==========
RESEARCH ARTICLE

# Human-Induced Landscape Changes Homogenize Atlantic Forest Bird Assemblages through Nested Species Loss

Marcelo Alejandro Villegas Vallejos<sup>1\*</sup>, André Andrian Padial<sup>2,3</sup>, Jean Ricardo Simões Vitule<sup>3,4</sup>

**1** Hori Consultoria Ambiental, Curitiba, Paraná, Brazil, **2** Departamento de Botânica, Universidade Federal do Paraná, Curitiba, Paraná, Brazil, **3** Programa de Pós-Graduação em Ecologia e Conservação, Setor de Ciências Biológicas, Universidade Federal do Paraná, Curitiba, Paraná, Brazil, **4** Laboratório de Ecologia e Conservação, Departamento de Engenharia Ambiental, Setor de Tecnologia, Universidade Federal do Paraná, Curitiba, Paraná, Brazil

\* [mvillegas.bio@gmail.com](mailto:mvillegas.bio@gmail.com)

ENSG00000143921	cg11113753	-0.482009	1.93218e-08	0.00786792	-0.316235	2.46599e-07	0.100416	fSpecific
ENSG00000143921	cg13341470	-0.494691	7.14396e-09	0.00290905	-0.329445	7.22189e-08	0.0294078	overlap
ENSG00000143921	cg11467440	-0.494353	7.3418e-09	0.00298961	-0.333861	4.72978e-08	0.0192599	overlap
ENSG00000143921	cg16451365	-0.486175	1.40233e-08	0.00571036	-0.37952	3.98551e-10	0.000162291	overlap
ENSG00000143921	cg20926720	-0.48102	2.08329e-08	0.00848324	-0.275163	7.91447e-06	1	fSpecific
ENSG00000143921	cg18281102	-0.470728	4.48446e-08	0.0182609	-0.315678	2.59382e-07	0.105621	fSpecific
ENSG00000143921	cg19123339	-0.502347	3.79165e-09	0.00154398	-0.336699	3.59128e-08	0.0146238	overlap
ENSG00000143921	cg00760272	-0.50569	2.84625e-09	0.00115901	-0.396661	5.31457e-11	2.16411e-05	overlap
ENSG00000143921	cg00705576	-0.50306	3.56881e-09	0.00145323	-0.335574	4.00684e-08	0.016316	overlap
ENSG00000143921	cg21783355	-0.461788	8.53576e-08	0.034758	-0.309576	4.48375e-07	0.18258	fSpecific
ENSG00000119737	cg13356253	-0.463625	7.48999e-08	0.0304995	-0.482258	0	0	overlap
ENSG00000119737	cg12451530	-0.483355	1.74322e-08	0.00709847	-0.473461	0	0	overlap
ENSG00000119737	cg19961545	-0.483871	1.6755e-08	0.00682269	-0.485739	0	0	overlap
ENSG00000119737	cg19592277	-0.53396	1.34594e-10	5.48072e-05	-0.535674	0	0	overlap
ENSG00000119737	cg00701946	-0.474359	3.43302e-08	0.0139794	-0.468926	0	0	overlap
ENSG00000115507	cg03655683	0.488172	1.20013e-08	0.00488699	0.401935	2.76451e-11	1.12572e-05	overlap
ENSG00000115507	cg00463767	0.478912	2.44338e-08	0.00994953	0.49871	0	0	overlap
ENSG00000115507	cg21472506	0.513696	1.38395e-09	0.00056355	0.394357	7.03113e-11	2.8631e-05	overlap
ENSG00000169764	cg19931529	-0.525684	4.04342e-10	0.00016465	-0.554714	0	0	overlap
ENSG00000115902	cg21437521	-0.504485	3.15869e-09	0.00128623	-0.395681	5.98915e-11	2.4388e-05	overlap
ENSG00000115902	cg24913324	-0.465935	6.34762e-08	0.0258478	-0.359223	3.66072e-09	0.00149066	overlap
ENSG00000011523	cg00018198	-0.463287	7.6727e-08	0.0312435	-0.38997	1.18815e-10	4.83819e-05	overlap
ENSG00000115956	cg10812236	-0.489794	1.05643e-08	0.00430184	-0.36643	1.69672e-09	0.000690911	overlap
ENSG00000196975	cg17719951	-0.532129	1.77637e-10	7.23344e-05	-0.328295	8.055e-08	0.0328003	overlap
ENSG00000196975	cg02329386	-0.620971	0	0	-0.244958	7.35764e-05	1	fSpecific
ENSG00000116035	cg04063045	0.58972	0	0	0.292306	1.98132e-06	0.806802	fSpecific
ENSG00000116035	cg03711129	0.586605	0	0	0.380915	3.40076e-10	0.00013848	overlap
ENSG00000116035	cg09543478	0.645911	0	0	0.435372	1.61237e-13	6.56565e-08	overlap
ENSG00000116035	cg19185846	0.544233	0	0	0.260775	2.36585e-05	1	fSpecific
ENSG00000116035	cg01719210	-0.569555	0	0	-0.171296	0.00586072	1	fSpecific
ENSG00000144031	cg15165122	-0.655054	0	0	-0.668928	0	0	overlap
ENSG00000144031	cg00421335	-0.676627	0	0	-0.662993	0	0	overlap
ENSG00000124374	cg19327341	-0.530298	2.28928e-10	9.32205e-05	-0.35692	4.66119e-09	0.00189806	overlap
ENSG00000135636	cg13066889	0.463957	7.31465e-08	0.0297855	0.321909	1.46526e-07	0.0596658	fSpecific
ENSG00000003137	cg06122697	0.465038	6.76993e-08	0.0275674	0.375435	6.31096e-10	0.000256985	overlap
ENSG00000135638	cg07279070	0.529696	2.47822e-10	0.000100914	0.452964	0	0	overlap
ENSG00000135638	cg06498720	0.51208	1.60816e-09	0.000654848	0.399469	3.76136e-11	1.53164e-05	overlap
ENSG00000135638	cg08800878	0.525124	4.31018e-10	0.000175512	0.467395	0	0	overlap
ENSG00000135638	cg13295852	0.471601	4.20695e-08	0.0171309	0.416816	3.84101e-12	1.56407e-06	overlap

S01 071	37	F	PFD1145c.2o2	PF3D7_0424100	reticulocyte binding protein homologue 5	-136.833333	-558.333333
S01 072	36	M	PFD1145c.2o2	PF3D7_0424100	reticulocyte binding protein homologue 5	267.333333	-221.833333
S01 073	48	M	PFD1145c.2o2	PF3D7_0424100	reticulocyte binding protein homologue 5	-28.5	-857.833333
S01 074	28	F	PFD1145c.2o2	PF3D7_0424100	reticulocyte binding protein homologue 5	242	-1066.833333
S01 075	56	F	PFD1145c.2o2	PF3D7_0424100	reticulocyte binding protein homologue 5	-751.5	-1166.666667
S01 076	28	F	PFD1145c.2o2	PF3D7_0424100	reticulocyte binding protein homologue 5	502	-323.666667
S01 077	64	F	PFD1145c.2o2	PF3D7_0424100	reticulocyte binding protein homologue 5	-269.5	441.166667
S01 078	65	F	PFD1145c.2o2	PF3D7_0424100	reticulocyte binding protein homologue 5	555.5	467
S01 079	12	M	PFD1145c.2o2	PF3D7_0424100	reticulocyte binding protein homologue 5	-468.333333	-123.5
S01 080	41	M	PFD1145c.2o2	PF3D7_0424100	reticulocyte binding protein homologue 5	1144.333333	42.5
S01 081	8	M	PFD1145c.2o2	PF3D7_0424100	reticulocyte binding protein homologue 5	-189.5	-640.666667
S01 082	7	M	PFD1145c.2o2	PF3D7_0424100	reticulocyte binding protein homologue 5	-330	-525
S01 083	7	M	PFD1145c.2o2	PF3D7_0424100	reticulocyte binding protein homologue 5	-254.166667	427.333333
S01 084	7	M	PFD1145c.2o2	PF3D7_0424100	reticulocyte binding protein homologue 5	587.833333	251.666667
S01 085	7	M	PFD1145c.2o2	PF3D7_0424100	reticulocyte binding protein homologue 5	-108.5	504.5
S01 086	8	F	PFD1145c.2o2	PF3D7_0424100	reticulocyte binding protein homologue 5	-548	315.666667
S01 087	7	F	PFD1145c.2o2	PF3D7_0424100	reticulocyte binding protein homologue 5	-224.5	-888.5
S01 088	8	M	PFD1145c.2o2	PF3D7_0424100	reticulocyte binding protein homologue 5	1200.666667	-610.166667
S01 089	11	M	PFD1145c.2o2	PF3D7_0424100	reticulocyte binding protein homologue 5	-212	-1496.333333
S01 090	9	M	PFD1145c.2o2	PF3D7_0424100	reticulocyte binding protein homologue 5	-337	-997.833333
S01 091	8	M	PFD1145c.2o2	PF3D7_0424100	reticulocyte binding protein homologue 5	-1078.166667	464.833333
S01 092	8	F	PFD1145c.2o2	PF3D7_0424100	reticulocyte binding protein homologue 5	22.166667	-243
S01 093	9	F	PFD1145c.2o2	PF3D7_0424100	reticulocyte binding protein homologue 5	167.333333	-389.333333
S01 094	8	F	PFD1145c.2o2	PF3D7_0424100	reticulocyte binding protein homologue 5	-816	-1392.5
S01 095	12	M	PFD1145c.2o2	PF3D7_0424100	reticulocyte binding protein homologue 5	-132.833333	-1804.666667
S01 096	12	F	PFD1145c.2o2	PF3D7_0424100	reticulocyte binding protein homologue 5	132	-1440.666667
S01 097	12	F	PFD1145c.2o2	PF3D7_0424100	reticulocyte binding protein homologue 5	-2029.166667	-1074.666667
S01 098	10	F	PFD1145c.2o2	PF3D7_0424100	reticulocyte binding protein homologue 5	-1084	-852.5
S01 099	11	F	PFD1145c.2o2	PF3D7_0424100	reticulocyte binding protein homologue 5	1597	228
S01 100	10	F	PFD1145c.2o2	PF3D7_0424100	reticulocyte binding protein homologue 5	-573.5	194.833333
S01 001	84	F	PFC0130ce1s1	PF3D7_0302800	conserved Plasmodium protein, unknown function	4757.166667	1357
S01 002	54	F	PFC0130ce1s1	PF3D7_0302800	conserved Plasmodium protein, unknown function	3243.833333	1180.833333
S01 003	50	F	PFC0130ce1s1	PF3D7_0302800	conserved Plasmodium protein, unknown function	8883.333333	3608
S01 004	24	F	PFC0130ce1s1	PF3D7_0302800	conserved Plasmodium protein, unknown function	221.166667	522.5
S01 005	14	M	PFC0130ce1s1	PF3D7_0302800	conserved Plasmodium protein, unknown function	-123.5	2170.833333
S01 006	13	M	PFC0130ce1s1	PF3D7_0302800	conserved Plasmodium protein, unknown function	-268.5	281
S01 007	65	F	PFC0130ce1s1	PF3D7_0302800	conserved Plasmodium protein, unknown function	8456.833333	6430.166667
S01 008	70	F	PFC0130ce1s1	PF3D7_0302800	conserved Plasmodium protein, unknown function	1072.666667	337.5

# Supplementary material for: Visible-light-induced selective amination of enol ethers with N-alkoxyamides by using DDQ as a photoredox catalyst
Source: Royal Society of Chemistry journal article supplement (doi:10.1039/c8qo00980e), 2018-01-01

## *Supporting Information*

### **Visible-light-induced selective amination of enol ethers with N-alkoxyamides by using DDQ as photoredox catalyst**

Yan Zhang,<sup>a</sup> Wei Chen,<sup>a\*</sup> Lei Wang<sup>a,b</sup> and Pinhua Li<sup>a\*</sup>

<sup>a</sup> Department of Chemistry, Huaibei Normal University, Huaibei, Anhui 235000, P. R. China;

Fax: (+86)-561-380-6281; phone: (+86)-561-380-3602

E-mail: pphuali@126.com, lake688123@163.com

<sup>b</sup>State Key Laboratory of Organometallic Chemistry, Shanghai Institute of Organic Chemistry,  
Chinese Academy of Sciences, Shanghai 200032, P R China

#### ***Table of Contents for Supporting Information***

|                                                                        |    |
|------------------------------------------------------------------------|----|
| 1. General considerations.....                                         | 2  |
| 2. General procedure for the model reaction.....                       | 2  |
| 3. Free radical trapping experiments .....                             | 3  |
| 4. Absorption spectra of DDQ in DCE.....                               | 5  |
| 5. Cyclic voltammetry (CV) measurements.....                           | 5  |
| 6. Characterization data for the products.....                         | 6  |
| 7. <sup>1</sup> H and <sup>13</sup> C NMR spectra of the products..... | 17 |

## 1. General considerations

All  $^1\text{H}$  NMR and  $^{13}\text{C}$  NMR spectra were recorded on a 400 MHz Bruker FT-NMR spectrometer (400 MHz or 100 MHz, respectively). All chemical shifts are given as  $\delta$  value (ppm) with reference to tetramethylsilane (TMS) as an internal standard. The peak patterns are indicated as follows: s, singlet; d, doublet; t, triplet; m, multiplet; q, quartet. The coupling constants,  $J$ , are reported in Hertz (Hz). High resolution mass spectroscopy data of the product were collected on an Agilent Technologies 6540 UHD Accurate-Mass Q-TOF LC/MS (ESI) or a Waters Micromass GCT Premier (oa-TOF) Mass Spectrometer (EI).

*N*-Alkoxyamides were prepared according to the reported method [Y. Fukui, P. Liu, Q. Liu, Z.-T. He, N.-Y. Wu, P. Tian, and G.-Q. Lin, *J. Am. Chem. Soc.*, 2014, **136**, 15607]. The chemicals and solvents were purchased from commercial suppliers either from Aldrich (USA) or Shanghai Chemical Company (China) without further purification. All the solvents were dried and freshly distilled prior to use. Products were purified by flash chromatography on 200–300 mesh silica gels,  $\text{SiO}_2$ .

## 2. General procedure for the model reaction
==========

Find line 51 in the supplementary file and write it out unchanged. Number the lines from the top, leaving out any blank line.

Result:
S01 077	64	F	PFD1145c.2o2	PF3D7_0424100	reticulocyte binding protein homologue 5	-269.5	441.166667